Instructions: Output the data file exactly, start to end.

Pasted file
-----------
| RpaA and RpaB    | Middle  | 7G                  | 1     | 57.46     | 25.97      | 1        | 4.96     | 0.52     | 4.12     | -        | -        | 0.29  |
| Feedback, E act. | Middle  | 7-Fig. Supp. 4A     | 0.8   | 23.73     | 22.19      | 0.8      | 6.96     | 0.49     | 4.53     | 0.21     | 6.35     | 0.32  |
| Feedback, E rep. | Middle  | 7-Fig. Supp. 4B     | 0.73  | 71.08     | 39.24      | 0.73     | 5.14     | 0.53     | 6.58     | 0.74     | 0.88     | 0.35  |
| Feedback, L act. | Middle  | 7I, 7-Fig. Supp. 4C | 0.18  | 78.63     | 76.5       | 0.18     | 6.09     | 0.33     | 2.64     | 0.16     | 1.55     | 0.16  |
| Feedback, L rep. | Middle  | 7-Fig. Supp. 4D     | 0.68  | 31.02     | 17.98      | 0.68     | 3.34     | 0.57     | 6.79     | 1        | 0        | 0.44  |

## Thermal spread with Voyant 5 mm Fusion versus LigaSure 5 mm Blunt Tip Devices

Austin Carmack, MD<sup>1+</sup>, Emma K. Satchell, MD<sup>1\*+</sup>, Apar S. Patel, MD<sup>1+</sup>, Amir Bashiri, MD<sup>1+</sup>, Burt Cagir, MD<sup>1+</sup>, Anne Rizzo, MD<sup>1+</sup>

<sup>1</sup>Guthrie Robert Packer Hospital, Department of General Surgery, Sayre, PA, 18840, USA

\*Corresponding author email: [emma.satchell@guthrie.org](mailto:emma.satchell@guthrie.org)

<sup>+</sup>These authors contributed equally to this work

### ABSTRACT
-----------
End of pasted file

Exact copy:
| RpaA and RpaB    | Middle  | 7G                  | 1     | 57.46     | 25.97      | 1        | 4.96     | 0.52     | 4.12     | -        | -        | 0.29  |
| Feedback, E act. | Middle  | 7-Fig. Supp. 4A     | 0.8   | 23.73     | 22.19      | 0.8      | 6.96     | 0.49     | 4.53     | 0.21     | 6.35     | 0.32  |
| Feedback, E rep. | Middle  | 7-Fig. Supp. 4B     | 0.73  | 71.08     | 39.24      | 0.73     | 5.14     | 0.53     | 6.58     | 0.74     | 0.88     | 0.35  |
| Feedback, L act. | Middle  | 7I, 7-Fig. Supp. 4C | 0.18  | 78.63     | 76.5       | 0.18     | 6.09     | 0.33     | 2.64     | 0.16     | 1.55     | 0.16  |
| Feedback, L rep. | Middle  | 7-Fig. Supp. 4D     | 0.68  | 31.02     | 17.98      | 0.68     | 3.34     | 0.57     | 6.79     | 1        | 0        | 0.44  |

## Thermal spread with Voyant 5 mm Fusion versus LigaSure 5 mm Blunt Tip Devices

Austin Carmack, MD<sup>1+</sup>, Emma K. Satchell, MD<sup>1\*+</sup>, Apar S. Patel, MD<sup>1+</sup>, Amir Bashiri, MD<sup>1+</sup>, Burt Cagir, MD<sup>1+</sup>, Anne Rizzo, MD<sup>1+</sup>

<sup>1</sup>Guthrie Robert Packer Hospital, Department of General Surgery, Sayre, PA, 18840, USA

\*Corresponding author email: [emma.satchell@guthrie.org](mailto:emma.satchell@guthrie.org)

<sup>+</sup>These authors contributed equally to this work

### ABSTRACT